Fuel for thought: Where do we go from here?

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As the tankers rolled out from depots in increasing numbers yesterday all the main players started to calculate their next move after the most tumultuous week Britain has experienced for years.

As the tankers rolled out from depots in increasing numbers yesterday all the main players started to calculate their next move after the most tumultuous week Britain has experienced for years.

For the Government, the main task, greater even than painting a positive gloss on the events, was to ensure that the blockades and near-collapse of national life so narrowly averted never happened again.

Then there was the small matter of the 60-day deadline given the Government by the protesters, who are, according to every available barometer of opinion, supported by the overwhelming majority of the country.

For once, the focus of the Government's thinking was directed to real, hard, logistical strategy, and not any species of spin. The Home Secretary, Jack Straw, the man who conceded that the Government had been caught this week unawares, was yesterday taking on the task of ensuring that the same, at least in terms of fuel supplies, would never happened again.

It might have occurred to him that a week ago such an assignment would have seemed the stuff of television disaster dramas. But so much had changed in just seven days.

It was a week ago on Thursday that Tom Houghton was standing with 300 other farmers in the stalls at St Asaph's cattle market in Wales as Britain's most widespread demonstration in decades began to take shape.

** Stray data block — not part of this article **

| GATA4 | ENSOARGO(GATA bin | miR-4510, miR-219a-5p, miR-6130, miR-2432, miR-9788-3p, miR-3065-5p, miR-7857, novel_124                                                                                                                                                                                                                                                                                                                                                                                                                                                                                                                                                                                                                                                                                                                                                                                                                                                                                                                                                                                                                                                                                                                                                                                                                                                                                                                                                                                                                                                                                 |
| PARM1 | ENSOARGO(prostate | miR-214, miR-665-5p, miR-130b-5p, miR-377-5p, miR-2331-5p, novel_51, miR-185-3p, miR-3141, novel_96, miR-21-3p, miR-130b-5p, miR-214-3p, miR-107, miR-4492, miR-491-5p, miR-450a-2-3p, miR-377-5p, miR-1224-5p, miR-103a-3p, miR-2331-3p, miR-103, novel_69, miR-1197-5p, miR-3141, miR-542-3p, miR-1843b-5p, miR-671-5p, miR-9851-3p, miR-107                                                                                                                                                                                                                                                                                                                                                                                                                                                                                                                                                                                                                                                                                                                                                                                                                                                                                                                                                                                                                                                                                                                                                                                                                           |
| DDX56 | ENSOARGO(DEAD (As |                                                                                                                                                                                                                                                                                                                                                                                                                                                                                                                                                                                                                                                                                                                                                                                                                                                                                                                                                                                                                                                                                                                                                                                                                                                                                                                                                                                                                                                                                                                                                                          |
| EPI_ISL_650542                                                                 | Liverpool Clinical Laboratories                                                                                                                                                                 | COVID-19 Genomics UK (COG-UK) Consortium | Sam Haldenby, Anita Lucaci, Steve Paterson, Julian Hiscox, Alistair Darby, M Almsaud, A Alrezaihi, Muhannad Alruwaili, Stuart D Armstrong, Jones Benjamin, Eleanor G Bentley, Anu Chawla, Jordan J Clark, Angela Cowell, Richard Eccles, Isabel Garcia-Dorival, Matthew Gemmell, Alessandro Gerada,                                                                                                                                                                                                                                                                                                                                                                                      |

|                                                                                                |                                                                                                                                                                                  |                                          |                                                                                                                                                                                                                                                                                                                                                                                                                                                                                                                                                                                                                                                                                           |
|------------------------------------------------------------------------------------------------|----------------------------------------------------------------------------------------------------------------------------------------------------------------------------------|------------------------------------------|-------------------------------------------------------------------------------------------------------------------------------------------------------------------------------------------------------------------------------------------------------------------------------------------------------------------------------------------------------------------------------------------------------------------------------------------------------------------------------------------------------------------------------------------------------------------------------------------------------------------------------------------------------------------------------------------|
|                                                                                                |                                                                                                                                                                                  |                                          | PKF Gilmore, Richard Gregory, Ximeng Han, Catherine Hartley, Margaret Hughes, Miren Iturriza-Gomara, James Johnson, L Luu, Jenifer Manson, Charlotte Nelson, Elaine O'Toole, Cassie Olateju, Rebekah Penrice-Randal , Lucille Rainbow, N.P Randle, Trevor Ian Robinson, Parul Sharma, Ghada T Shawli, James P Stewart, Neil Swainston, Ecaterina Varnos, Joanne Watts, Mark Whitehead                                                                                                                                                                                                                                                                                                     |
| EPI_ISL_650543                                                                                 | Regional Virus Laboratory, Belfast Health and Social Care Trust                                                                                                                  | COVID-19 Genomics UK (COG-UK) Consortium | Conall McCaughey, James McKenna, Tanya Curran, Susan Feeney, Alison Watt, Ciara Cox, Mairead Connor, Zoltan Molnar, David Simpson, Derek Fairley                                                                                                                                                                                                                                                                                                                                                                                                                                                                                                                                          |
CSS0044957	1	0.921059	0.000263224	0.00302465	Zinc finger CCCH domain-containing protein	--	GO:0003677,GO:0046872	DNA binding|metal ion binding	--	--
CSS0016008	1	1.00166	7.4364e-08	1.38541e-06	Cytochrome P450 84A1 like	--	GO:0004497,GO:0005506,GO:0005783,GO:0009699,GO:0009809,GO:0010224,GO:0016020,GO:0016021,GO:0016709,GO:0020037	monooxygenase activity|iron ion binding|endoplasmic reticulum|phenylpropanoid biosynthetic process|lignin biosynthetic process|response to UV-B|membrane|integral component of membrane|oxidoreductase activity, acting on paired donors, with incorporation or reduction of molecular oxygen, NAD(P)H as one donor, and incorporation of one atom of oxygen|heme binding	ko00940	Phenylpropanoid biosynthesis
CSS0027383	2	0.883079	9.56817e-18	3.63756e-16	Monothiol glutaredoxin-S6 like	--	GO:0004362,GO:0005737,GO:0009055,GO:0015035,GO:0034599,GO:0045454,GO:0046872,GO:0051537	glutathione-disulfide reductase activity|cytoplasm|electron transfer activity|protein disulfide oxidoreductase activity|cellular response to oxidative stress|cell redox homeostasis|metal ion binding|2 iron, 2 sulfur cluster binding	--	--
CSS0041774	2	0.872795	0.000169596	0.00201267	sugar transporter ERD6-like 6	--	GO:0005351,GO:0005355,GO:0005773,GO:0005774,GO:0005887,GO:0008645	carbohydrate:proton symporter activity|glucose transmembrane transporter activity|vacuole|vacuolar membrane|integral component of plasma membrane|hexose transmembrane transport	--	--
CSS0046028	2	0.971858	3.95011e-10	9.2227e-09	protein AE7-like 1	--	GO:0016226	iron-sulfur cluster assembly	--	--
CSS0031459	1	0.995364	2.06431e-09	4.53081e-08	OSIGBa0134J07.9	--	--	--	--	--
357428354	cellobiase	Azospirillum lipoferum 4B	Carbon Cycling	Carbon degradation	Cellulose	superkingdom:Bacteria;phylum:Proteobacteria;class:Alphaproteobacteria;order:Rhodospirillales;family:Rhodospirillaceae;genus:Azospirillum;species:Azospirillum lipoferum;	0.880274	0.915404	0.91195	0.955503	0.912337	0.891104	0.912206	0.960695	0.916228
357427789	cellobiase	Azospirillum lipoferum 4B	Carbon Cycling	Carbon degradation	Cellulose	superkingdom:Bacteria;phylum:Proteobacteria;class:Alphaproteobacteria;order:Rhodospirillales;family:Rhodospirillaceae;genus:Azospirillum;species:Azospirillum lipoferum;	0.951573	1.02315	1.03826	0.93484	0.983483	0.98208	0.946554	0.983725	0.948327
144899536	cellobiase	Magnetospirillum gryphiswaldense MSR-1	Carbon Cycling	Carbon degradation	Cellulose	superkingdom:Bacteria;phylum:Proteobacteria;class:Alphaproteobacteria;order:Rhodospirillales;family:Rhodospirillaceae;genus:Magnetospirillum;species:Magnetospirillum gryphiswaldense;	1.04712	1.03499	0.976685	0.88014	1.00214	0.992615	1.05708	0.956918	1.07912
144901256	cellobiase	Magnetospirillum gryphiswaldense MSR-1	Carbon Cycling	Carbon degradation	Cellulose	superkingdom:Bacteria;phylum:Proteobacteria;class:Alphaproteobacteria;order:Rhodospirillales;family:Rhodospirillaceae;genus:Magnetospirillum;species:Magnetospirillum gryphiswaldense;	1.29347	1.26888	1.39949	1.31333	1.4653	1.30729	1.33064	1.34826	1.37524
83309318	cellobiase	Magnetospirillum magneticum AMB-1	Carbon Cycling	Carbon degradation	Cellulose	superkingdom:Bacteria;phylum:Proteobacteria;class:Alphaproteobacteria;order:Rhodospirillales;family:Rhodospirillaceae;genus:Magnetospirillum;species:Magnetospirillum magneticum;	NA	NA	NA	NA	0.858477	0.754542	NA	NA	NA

While the discontent had been growing for some time, the decision to act was spontaneous; after months of growing despair in the farming community, there was an uncommon militancy among the men and women crowded into the auction ring that evening.

"As you might imagine, the atmosphere was electric," said Mr Houghton, a member of Farmers for Action UK (FFA).

That night, led by Mr Houghton and his fellow FFA members Brnlye Williams, Hilary Whitaker and Paul Ashley, the men from North Wales and the surrounding area decided to act.

A flurry of phone calls were made - one to a farmer with five large tractors that could be used as a blockade - and then the demonstrators set off for the Stanlow oil refinery at Ellesmere Port.

Almost a week later - having inspired demonstrations around the country that brought Britain to a halt and the Government having endured its worst domestic crisis since coming to power three years ago - the demonstrators at Stanlow decided it was time to go home.

Their point had been made, and, with allegations that their actions were now putting lives at risk, they did not want to lose their public support. They led the much-heralded return to normality.

But they are adamant that this is not the end of the matter. "We have told the Government they have 60 days. We want a response in 60 days," said the haulier Nigel Kime as his wife drove him back to his transport business in Boston yesterday morning, having been on a picket line at Immingham since last Saturday.